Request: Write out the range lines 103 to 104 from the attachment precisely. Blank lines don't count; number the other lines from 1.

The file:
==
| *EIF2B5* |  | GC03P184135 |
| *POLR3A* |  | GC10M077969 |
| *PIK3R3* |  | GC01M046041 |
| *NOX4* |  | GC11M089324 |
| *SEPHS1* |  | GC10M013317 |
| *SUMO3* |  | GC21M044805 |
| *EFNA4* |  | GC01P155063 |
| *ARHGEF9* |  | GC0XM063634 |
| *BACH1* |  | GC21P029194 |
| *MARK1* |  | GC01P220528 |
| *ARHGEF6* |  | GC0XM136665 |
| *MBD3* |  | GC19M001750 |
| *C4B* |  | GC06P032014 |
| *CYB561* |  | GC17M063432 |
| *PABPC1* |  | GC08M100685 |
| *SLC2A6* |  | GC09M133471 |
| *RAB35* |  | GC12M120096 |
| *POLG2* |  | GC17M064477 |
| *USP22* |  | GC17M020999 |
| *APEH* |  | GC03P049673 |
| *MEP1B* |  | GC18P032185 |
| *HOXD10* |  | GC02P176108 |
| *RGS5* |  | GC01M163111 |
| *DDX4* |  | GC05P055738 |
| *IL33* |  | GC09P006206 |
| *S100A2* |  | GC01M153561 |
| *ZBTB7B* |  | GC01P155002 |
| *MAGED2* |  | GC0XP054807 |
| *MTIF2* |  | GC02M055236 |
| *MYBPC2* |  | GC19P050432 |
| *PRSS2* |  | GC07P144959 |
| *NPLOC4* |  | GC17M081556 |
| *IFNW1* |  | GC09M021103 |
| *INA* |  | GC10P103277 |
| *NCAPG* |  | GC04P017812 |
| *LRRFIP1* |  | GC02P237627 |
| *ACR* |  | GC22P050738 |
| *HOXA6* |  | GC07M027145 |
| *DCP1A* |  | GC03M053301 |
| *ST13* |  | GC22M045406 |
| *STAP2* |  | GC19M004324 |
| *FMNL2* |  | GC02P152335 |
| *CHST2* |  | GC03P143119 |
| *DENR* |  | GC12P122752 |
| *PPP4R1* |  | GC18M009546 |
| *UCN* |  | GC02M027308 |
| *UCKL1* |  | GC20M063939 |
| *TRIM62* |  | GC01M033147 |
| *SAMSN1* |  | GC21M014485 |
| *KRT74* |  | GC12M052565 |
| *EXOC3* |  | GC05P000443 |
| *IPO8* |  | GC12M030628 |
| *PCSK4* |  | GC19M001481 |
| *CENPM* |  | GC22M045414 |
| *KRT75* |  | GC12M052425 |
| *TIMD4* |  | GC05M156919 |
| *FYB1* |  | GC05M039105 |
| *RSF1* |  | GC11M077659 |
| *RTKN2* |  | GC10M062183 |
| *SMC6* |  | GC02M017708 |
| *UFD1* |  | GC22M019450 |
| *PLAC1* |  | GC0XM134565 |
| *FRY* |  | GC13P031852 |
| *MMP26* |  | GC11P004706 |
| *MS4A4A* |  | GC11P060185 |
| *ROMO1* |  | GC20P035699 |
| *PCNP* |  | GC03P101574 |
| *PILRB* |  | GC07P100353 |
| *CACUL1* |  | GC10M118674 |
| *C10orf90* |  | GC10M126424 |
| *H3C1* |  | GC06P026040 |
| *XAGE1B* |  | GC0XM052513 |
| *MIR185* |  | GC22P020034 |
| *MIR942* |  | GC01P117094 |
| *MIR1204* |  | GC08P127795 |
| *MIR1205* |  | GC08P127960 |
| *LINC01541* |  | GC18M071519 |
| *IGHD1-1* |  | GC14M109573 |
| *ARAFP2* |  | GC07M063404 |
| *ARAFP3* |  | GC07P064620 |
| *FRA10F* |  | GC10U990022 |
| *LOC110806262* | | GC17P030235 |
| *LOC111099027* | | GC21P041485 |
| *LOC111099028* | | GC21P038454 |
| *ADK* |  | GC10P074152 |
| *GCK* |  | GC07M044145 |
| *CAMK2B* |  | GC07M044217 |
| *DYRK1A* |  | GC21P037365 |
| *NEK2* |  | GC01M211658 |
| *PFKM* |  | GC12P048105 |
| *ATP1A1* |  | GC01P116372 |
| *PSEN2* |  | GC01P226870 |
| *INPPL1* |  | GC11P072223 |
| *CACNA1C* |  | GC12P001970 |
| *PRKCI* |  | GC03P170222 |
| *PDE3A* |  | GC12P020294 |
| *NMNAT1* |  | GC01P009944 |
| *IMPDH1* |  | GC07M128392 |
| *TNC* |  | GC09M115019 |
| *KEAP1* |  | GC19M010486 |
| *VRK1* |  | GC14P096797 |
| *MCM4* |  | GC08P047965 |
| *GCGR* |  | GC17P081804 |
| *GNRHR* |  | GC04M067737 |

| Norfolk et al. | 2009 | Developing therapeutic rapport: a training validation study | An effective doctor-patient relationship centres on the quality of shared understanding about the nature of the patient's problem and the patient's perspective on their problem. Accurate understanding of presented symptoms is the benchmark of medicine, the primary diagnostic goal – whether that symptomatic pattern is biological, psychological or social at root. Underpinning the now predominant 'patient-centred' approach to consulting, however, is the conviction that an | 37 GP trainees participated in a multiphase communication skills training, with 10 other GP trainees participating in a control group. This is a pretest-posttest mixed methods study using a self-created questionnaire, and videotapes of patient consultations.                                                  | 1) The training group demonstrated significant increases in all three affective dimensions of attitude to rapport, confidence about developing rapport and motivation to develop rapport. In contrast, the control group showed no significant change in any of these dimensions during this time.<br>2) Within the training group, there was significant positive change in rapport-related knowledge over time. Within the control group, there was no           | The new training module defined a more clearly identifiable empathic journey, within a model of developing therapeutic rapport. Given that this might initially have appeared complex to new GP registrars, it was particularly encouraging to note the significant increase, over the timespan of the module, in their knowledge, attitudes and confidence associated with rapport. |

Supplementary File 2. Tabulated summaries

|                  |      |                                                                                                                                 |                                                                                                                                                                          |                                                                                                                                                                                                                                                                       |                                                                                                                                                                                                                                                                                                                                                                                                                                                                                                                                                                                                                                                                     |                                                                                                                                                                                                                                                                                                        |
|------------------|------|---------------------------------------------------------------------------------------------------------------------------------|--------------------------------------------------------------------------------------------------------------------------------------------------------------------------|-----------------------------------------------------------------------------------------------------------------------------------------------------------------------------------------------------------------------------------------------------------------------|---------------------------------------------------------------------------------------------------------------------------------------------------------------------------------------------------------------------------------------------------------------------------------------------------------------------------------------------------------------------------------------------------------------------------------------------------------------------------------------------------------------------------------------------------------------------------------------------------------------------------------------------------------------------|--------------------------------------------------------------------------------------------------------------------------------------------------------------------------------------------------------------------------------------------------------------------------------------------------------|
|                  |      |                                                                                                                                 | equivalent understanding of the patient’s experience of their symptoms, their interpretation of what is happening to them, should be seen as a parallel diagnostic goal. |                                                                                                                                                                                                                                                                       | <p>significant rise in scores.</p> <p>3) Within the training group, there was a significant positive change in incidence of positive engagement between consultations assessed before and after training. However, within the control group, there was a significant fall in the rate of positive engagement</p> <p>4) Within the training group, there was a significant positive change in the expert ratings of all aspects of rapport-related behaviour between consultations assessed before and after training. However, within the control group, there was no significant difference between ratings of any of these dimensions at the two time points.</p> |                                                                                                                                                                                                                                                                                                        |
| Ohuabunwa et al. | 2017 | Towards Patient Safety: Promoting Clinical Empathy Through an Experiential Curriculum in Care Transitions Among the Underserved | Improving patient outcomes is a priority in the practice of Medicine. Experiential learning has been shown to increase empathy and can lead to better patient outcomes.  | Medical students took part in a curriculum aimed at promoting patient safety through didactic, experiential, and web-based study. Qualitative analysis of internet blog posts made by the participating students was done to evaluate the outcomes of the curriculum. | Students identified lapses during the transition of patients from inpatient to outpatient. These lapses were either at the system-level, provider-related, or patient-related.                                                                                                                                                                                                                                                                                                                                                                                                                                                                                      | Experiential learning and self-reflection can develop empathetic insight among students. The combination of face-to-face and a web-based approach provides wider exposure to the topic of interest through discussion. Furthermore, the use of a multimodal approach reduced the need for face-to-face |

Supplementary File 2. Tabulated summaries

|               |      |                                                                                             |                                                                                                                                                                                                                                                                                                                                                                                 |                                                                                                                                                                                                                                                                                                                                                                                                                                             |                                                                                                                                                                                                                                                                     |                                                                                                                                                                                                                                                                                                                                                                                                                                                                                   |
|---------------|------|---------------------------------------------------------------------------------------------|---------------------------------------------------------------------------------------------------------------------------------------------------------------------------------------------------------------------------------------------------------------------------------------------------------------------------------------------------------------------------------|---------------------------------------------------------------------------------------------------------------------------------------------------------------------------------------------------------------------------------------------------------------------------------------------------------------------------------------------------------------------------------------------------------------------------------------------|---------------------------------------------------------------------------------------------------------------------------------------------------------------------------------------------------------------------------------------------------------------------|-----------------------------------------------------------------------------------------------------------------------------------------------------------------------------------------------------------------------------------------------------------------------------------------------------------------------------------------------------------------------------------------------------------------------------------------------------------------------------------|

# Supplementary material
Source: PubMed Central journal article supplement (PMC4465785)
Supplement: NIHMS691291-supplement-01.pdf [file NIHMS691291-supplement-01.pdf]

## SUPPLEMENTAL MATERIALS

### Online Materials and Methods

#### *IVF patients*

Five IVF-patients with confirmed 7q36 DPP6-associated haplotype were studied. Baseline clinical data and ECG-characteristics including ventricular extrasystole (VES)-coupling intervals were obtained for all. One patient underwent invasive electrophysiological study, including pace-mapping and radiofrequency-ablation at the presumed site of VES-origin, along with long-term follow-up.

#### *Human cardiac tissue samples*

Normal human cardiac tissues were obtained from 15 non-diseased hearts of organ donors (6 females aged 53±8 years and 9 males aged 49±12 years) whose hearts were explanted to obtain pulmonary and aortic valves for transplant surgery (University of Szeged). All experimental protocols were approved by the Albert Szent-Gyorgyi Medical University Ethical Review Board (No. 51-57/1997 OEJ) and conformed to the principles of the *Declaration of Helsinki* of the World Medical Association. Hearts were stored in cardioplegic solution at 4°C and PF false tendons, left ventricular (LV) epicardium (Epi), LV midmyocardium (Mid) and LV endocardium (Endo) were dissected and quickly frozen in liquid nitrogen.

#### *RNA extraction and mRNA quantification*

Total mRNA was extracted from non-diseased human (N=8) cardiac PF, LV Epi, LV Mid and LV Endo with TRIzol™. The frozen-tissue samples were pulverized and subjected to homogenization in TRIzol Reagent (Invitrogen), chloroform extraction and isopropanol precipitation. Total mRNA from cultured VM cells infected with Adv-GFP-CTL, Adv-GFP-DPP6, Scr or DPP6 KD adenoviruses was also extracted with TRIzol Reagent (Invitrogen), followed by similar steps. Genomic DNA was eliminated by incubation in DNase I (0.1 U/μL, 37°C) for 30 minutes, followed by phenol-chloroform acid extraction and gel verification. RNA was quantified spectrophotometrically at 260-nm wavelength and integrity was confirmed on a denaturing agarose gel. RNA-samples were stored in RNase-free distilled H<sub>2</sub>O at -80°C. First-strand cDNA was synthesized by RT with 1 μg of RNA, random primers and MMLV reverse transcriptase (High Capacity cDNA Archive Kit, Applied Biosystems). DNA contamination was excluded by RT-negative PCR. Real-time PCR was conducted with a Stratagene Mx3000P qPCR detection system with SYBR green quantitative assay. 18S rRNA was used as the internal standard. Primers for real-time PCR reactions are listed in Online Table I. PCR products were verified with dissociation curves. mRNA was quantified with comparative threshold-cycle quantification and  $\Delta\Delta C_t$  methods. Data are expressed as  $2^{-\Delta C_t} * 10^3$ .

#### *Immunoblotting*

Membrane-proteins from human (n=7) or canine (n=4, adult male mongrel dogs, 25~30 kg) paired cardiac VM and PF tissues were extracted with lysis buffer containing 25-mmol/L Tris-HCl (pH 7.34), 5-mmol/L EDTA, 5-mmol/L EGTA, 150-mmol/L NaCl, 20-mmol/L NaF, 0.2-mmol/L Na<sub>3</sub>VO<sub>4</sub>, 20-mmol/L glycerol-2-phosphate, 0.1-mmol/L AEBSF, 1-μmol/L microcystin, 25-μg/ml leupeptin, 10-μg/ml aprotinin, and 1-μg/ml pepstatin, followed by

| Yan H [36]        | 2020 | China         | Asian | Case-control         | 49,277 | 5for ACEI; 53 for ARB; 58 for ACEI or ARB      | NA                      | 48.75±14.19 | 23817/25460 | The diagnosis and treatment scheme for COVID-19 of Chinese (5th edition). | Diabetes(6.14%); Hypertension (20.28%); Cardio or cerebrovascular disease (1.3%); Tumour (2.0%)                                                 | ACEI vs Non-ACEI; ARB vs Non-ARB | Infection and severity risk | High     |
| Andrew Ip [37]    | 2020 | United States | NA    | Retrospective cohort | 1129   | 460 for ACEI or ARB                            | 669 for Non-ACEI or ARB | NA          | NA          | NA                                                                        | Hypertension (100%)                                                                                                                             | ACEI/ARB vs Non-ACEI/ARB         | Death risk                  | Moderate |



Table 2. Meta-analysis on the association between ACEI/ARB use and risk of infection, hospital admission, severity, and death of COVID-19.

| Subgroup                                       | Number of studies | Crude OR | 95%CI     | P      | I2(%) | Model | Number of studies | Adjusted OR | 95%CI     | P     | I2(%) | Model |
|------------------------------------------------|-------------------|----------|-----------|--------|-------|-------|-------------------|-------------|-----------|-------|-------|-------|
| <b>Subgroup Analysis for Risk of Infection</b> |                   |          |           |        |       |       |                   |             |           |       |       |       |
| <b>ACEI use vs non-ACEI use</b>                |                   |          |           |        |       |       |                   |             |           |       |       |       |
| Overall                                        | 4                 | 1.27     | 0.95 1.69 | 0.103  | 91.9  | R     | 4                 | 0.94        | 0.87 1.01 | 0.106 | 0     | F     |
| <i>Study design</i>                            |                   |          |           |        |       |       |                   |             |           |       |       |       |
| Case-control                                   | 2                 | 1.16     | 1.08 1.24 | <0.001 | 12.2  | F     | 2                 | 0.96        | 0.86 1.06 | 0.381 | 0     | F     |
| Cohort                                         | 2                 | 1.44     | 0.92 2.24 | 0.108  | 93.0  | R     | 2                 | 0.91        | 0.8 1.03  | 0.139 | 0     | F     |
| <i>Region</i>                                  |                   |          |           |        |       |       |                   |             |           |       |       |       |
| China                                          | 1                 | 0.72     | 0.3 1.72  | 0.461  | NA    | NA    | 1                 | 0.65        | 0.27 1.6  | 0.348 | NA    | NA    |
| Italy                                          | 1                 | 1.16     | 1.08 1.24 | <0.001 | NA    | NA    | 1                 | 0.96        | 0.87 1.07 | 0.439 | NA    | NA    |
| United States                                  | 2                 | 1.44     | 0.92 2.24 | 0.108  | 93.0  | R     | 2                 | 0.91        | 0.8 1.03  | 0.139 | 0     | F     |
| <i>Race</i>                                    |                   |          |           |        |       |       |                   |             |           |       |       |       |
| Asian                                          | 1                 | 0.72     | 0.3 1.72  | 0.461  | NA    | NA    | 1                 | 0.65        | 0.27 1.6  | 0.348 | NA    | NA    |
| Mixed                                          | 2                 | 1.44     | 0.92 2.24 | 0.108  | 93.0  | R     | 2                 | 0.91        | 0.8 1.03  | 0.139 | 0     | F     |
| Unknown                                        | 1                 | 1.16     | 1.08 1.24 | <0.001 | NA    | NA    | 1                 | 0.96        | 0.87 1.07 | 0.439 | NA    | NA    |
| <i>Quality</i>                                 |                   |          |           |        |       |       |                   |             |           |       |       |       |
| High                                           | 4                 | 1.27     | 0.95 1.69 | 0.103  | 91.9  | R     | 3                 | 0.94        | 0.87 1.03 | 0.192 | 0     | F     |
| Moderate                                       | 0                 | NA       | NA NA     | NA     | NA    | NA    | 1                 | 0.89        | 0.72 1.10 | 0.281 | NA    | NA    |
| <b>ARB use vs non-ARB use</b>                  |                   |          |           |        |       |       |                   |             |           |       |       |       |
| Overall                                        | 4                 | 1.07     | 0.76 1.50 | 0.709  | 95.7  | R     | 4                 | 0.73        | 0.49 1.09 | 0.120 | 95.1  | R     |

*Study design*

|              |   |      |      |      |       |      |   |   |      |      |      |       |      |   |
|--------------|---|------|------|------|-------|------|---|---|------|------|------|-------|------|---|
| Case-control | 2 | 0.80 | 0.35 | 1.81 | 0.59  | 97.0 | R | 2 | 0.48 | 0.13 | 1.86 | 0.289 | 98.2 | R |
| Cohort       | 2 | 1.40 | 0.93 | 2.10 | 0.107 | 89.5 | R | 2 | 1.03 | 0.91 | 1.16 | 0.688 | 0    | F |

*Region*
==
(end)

| *GCGR* |  | GC17P081804 |
| *GNRHR* |  | GC04M067737 |